Topics A to Z

As part of NEHA's continuos effort to provide convenient access to information and resources, we have gathered together for you the links in this section. Our mission is "to advance the environmental health and protection professional for the purpose of providing a healthful environment for all,” as well as to educate and inform those outside the profession.

As the local food movement continues to gain momentum, more food establishments are demanding produce from small, local farms that may not practicing safe growing and handling practices. Yavapai County, Arizona convened local restaurants, farms, educational and government agencies to develop tools to help both food establishments and farmers to offer safe, local produce. This session will highlight how to work with outside partners to develop innovative approaches to meeting the needs of the ever changing scope of environmental health.

Presented at NEHA 2015 AEC

July 2015

Chemical incidents involving major chemical facilities and transport of toxic industrial chemicals are surprisingly common and may result in widespread environmental contamination, public exposure, and subsequent acute and chronic health effects.

This session includes an interactive demonstration of the applicability of an e-learning tool to actual events by means of working through a major chemical incident. Discover how employing this resource can help you respond more effectively to chemical incidents, thereby protecting public health.

July 2015
David Russell, MD
Potential CE Credits: 1.00
Additional Topics A to Z: Hazards

Updated and reviewed by leading experts in the field, this revised edition offers new coverage of industrial solid wastes utilization and disposal, the use of surveying in environmental engineering and land use planning, and environmental assessment. Stressing the practicality and appropriateness of treatment, the sixth edition provides realistic solutions for the practicing public health official or environmental engineer.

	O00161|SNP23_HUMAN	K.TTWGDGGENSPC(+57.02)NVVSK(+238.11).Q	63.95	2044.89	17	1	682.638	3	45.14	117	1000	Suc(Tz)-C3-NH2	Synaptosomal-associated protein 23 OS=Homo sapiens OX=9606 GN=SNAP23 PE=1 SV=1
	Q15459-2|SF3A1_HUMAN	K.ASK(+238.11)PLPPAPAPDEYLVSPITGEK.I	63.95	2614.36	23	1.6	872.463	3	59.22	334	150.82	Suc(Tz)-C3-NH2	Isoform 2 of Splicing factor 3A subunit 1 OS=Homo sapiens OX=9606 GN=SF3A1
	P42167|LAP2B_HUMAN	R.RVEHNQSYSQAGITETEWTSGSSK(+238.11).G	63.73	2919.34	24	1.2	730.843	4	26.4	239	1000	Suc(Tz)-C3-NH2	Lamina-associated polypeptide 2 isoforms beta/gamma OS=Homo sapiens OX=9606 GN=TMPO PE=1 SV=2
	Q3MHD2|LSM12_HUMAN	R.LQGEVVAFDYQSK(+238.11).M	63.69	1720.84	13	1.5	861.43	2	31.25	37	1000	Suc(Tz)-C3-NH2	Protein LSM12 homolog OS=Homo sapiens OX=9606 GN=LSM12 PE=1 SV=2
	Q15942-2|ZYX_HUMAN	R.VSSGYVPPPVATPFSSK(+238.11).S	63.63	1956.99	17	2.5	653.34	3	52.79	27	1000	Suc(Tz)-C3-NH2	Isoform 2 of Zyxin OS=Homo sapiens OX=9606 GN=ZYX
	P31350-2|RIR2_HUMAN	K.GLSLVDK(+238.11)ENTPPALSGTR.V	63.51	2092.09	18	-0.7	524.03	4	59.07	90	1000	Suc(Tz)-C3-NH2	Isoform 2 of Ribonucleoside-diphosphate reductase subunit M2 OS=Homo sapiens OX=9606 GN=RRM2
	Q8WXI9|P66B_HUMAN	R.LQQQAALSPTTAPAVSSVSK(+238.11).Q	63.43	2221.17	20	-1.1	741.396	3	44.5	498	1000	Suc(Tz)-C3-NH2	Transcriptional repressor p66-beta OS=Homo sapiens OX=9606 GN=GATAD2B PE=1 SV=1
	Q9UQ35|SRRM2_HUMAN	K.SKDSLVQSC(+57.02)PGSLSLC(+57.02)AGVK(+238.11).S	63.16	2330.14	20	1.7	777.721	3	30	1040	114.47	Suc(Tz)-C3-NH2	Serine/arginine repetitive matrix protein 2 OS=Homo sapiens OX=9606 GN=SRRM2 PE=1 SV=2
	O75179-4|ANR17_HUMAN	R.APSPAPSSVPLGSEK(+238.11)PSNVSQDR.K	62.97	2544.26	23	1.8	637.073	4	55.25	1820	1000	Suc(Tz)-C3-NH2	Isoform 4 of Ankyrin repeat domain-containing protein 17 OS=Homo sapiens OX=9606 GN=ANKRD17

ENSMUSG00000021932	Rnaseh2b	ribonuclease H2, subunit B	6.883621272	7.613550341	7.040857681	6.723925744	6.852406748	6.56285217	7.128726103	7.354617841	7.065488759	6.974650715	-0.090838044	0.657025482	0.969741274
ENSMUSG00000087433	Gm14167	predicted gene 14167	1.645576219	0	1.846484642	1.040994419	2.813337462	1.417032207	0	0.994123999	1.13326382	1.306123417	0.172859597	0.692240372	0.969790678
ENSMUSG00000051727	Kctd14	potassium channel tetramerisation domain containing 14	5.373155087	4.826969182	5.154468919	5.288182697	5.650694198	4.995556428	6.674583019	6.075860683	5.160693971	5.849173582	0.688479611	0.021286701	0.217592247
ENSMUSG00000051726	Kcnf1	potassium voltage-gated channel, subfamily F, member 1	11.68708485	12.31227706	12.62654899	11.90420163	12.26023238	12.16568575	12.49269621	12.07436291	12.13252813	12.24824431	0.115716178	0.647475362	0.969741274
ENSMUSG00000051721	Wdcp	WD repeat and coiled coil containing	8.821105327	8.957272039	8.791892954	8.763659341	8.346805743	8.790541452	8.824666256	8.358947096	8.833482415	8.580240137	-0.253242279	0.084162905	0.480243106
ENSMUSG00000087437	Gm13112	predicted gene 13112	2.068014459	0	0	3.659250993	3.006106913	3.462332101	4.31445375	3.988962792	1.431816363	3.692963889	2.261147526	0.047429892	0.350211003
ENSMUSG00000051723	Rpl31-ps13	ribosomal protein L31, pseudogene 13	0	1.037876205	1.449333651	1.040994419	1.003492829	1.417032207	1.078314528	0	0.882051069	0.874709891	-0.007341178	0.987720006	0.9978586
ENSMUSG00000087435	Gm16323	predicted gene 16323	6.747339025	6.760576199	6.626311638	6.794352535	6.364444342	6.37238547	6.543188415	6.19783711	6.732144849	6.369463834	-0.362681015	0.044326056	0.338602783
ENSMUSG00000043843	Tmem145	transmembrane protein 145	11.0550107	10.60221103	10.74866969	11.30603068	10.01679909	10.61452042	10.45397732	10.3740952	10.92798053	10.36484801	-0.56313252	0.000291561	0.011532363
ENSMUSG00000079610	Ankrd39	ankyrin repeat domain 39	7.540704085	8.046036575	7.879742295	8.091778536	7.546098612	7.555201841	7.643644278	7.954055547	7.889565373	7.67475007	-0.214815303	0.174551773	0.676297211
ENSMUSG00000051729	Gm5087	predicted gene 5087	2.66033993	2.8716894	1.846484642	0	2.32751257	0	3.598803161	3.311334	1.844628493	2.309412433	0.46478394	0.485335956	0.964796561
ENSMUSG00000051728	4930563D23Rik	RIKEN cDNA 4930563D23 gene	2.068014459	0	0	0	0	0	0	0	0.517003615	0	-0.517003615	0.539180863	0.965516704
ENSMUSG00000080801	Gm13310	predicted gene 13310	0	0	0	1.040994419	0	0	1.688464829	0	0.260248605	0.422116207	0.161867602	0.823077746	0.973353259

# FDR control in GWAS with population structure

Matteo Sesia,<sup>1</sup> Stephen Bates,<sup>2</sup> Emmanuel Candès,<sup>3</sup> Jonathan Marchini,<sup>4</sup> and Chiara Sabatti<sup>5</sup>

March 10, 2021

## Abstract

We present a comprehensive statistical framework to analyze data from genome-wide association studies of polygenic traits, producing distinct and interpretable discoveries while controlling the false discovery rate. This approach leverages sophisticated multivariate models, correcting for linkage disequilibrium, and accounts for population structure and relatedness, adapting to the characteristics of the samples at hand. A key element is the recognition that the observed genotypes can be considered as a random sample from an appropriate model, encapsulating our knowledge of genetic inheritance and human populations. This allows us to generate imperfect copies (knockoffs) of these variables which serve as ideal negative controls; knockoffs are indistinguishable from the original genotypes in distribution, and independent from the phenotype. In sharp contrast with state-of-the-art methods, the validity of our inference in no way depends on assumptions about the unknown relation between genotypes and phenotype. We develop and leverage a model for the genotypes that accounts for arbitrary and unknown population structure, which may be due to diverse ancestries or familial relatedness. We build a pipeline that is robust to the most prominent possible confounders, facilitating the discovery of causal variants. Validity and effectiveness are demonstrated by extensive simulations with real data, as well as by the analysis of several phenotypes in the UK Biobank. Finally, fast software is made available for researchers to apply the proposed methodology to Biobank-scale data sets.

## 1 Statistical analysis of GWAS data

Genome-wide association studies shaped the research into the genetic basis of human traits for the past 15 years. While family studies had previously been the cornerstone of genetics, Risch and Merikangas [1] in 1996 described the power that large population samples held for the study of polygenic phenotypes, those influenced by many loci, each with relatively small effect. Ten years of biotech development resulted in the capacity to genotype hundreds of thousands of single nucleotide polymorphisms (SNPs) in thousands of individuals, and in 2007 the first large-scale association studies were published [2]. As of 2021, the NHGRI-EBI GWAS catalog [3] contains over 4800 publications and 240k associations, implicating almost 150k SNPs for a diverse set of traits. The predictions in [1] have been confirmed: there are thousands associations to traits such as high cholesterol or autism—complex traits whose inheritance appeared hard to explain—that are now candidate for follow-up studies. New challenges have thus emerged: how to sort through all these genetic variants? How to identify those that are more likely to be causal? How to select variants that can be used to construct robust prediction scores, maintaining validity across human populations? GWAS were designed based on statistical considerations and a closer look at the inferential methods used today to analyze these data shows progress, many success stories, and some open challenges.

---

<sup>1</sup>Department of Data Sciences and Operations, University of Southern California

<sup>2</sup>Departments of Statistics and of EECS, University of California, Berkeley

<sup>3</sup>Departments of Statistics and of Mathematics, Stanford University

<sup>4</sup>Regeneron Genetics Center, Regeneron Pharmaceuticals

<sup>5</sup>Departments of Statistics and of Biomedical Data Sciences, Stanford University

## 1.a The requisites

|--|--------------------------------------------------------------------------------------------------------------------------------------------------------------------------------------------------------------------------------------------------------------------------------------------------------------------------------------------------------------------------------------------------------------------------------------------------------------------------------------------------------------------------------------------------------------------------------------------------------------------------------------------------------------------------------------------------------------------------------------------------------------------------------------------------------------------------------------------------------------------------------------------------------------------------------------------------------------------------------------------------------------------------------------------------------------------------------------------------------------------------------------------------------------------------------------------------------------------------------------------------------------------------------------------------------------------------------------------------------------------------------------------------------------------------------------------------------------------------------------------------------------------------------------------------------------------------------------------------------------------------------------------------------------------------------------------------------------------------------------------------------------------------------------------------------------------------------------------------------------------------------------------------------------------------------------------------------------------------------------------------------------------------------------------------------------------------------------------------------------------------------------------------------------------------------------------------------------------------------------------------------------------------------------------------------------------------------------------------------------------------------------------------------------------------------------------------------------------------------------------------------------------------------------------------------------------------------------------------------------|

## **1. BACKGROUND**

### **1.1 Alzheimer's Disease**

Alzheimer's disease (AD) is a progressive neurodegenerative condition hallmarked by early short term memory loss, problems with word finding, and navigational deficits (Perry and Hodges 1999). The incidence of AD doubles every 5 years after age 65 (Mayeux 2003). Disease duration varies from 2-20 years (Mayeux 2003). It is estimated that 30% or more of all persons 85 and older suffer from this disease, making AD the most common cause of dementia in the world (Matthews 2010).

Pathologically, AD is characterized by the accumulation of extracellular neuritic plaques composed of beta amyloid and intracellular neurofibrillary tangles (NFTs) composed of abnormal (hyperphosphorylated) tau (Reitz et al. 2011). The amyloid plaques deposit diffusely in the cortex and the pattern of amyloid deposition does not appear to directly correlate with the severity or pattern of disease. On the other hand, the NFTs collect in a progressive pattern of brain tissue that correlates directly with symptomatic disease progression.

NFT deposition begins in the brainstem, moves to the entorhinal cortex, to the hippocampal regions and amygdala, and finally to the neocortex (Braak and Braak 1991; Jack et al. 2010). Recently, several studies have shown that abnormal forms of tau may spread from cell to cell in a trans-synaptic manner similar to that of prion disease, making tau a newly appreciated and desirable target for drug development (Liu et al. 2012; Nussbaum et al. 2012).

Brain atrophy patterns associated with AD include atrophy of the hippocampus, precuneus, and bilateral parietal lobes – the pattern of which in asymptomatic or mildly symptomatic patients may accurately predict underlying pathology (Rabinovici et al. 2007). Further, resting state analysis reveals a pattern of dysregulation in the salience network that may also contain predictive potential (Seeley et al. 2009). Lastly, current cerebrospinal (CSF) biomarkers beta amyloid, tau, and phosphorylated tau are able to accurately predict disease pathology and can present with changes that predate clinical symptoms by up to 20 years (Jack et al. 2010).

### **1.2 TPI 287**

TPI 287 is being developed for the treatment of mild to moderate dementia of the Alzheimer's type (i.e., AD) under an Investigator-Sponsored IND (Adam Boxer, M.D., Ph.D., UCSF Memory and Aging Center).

Additional Topics A to Z: Wastewater

Abstract

In the U.S., 60% of norovirus outbreaks are attributed to long-term care facilities (LTCFs). A descriptive study of 26 LTCFs in South Carolina was conducted to determine the presence of environmental factors associated with transmission of human noroviruses. Sanitary conditions in one common area, one staff/visitor bathroom, and the main kitchen were assessed using two audit forms. While surfaces in all kitchens were in good sanitary condition, 23 LTCFs used quaternary ammonium-based sanitizers and three LTCFs used chlorine bleach for kitchen sanitization. All common areas were also clean and in good condition; however, 20 LTCFs had upholstered chairs, and five LTCFs had carpeted floors. Seven facilities used quaternary ammonium-based disinfectants exclusively, whereas six LTCFs used chlorine bleach exclusively, and eight LTCFs used both to disinfect common areas. Seven staff/visitor bathrooms were accessible to residents, and hand washing signage was missing from 10. These results reveal the presence of environmental factors that might facilitate norovirus transmission within LTCFs.

September 2016
September 2016
79.2 | 22-29
Lalani Jayasekara, MS, Cortney M. Leone, MS, Julia Sharp, PhD, Morgan Getty, MS
Additional Topics A to Z: Pathogens and Outbreaks

Globally, environmental health professionals have a critical role in mitigating public health risks before and after disasters.  To build this capacity, the International Federation of Environmental Health, CDC and NEHA have collaborated to develop the course, "Environmental Health and Disaster Management," heavily guided by CDC's successful Environmental Health Training in Emergency Response course.
 
Attend this session to see how this type of course promotes the profession and ensures that professionals are adequately equipped to prepare, respond, recover and mitigate the adverse impacts of disasters internationally.

 

Presented at NEHA 2015 AEC

July 2015
Tim Hatch, MPA, REHS/RS, Ben Ryan
Additional Topics A to Z: Hazards

Environmental Health professionals may be called upon to perform essential tasks under emergency response or recovery conditions. EHTER's blended training approach enables learners to achieve basic awareness of emergency response protocols, and to practice and demonstrate ability to perform skills in a live team-based operational environment. Attendees will be able to describe how to design and develop blending that prepares staff to perform in operational environments.

Presented at NEHA 2015 AEC

July 2015
Additional Topics A to Z: Emergency Preparedness

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